To the injury list, Serge Ibaka takes his 15.1 points, 8.8 rebounds and 2.7 blocks
But he also takes his six fouls. And that’s an important factor, too.
No longer can Steven Adams and Nick Collison throw their bodies around with little consequence. With one likely to start and both likely to get increased playing time and responsibility, the duo must be more cognizant of foul trouble.
“You’re going to get guys in foul trouble in these games because it’s physical and the fouls start to accumulate,” Collison said. “But we have to avoid the silly ones, the ones that don’t give us any advantage. So it’s big. We’re down a man so that’s six less fouls we’ve got.”
Brooks doesn’t reveal Ibaka’s replacement
Scott Brooks sounds like a man who has settled on his next starting power forward.
But he’s not one to give up state secrets.
“We’ll let you know at the appropriate time,” Brooks said, which likely means he’ll reveal it during his media session 90 minutes before tip-off on Monday night.
When asked of the options he’s considering, Brooks nearly mentioned his entire bench.
“We can go with Steven,” Brooks said. “We can go with Hasheem (Thabeet). We can go with Nick. Perry (Jones). Andre (Roberson). Jeremy (Lamb). Derek (Fisher). Who’d I forget? Oh, can’t forget about Reggie (Jackson). Reggie started some games this year.”
Perk compares losing Ibaka to losing Garnett
Back in the 2008 playoffs, the Boston Celtics lost All-Star forward Kevin Garnett for the postseason.
On Saturday, Kendrick Perkins, the center on that team, was asked about the similarities between that situation and OKC’s current one with Ibaka.
“They brought two different type things to the game,” Perkins said. “We lost KG, it was more of our emotional leader. He got 20 and 10, but he was our emotional leader, as far as on and off the court. So that was a big blow. But it’s somewhat the same, the defensive effort, the shot-making.”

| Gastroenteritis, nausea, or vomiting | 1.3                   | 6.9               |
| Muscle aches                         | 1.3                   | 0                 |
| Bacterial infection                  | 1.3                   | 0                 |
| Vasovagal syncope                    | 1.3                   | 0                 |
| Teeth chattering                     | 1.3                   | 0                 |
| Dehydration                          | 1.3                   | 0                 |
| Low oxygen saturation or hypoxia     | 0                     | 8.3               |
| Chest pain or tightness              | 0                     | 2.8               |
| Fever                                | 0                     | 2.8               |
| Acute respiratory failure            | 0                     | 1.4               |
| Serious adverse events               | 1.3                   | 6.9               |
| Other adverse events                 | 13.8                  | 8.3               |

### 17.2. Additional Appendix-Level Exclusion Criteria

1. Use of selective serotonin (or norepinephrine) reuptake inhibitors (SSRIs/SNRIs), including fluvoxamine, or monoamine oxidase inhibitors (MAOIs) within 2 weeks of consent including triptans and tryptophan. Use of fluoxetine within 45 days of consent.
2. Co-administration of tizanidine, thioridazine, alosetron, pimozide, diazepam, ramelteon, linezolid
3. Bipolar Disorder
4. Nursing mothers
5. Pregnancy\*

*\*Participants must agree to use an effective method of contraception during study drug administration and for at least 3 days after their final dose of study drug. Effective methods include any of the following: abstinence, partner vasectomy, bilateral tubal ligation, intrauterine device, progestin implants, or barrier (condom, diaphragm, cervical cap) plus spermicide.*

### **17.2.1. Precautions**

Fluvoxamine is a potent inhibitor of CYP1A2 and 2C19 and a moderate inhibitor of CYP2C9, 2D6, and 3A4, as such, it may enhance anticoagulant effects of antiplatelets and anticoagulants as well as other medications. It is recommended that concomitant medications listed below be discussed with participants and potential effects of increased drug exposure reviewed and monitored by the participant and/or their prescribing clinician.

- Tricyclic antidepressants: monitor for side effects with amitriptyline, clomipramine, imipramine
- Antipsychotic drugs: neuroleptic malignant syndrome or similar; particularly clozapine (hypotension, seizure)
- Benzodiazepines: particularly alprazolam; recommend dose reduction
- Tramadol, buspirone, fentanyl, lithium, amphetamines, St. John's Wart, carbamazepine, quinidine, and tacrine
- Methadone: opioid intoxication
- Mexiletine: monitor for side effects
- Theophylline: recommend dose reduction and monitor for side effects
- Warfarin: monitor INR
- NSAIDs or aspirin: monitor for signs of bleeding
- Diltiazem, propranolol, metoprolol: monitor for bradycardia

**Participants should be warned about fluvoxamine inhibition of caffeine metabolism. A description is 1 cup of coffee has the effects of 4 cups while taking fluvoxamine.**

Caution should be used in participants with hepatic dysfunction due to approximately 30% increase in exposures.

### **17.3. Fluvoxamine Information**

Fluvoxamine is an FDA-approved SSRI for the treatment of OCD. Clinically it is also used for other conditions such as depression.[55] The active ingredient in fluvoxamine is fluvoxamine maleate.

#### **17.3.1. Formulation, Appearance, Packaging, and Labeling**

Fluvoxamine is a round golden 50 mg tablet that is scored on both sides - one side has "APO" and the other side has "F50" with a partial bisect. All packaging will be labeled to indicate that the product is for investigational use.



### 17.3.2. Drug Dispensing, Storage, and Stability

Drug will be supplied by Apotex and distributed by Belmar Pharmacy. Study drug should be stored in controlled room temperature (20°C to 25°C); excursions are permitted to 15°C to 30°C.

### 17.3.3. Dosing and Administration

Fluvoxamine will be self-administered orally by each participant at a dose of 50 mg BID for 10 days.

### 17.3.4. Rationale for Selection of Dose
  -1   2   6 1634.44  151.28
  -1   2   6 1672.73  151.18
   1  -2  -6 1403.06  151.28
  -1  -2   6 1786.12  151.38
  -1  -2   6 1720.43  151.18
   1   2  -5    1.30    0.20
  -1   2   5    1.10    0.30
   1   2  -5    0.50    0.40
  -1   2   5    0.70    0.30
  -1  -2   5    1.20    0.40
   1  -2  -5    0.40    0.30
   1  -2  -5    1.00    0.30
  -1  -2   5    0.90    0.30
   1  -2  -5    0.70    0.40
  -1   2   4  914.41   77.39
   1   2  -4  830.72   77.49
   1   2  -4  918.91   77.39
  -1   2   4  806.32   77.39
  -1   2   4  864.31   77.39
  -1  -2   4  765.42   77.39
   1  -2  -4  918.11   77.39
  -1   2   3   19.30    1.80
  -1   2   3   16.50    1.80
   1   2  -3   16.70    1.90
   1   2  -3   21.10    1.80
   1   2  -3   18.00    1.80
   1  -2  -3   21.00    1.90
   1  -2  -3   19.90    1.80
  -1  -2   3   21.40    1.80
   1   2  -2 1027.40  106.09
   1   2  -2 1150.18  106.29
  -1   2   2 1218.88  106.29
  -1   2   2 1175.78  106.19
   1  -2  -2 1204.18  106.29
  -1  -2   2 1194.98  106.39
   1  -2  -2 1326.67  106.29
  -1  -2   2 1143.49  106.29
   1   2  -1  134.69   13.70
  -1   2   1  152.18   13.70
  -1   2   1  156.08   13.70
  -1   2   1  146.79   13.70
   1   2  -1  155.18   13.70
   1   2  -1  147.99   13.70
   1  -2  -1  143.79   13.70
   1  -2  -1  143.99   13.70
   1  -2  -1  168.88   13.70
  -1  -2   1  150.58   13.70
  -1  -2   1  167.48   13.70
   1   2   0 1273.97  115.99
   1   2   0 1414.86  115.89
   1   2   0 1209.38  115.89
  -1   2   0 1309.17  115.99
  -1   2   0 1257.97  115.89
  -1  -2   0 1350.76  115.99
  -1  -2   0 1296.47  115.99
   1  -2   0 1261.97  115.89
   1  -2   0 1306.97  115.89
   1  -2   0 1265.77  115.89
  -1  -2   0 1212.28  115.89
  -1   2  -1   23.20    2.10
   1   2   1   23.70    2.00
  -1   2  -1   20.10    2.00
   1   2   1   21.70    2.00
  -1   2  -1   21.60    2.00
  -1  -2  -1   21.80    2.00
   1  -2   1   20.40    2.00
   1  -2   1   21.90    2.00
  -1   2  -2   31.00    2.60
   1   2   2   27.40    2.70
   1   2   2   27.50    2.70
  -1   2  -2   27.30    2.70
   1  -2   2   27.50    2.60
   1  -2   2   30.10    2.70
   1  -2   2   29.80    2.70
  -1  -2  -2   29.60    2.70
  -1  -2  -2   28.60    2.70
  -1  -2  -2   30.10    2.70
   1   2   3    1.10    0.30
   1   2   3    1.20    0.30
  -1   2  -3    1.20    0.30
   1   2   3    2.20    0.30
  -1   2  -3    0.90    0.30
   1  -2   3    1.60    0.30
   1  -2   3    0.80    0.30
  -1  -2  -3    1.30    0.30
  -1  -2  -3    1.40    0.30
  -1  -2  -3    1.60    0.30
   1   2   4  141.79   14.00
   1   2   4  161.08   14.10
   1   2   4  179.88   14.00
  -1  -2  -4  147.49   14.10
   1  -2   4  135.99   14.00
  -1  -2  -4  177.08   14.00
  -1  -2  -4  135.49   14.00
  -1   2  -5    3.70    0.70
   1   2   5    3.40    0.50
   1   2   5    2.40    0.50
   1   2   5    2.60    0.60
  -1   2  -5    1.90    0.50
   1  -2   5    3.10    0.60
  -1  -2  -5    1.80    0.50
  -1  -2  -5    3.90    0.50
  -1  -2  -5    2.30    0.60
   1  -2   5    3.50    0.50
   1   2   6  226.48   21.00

Spurs hoping to avoid turnovers
The Thunder has had an issue forcing turnovers in the playoffs, causing only 10.9 per game from opponents, 14th fewest of the 16 competing teams.
But traditionally, with its frantic defensive style, the Thunder has been one of the league’s best at forcing them. And it’s something the Spurs remained worried about.
“It's a very big key for us,” Danny Green said. “We look at the games we lost against them, especially in the playoffs in 2012, it was turnovers.”
“We give ourselves a better chance if we don't turn the ball over,” Green continued. “They had so many points off turnovers and transition leads to fast breaks for them. If we take care of the ball it helps us a ton so that's a big emphasis for us: Don't turn the ball over and rebounding.”
Hours before Game 6 against the Clippers, with the Thunder practicing at a Jewish Education community center in Beverley Hills, Kevin Durant received a “Triple Rabbi Blessing,” according to TMZ Sports.
“I really prayed and I made a spiritual contact with my heart to Kevin,” one of the rabbis told the site.
The rabbi asked for a Thunder win, which wasn’t looking great at one point.
“When I heard that they were losing by 16 points, I was a little disappointed,” he told TMZ. “I said, ‘Hey God, don't embarrass me today.’”
The Thunder came back and won.
Perkins on the Spurs: “You just got to watch out for their trick plays, their back cuts. Like I said, we gotta play for 24 seconds, the play is never over. The same play that they run 10 minutes ago in the second quarter is the same one they’ll run to end the game. It’s all about trickery with them, take away their easy baskets.”
Stat of the day
The Thunder is 4-2 on the road this postseason and 4-3 at home. Against San Antonio, OKC doesn’t have homecourt advantage for the first and only time in these playoffs.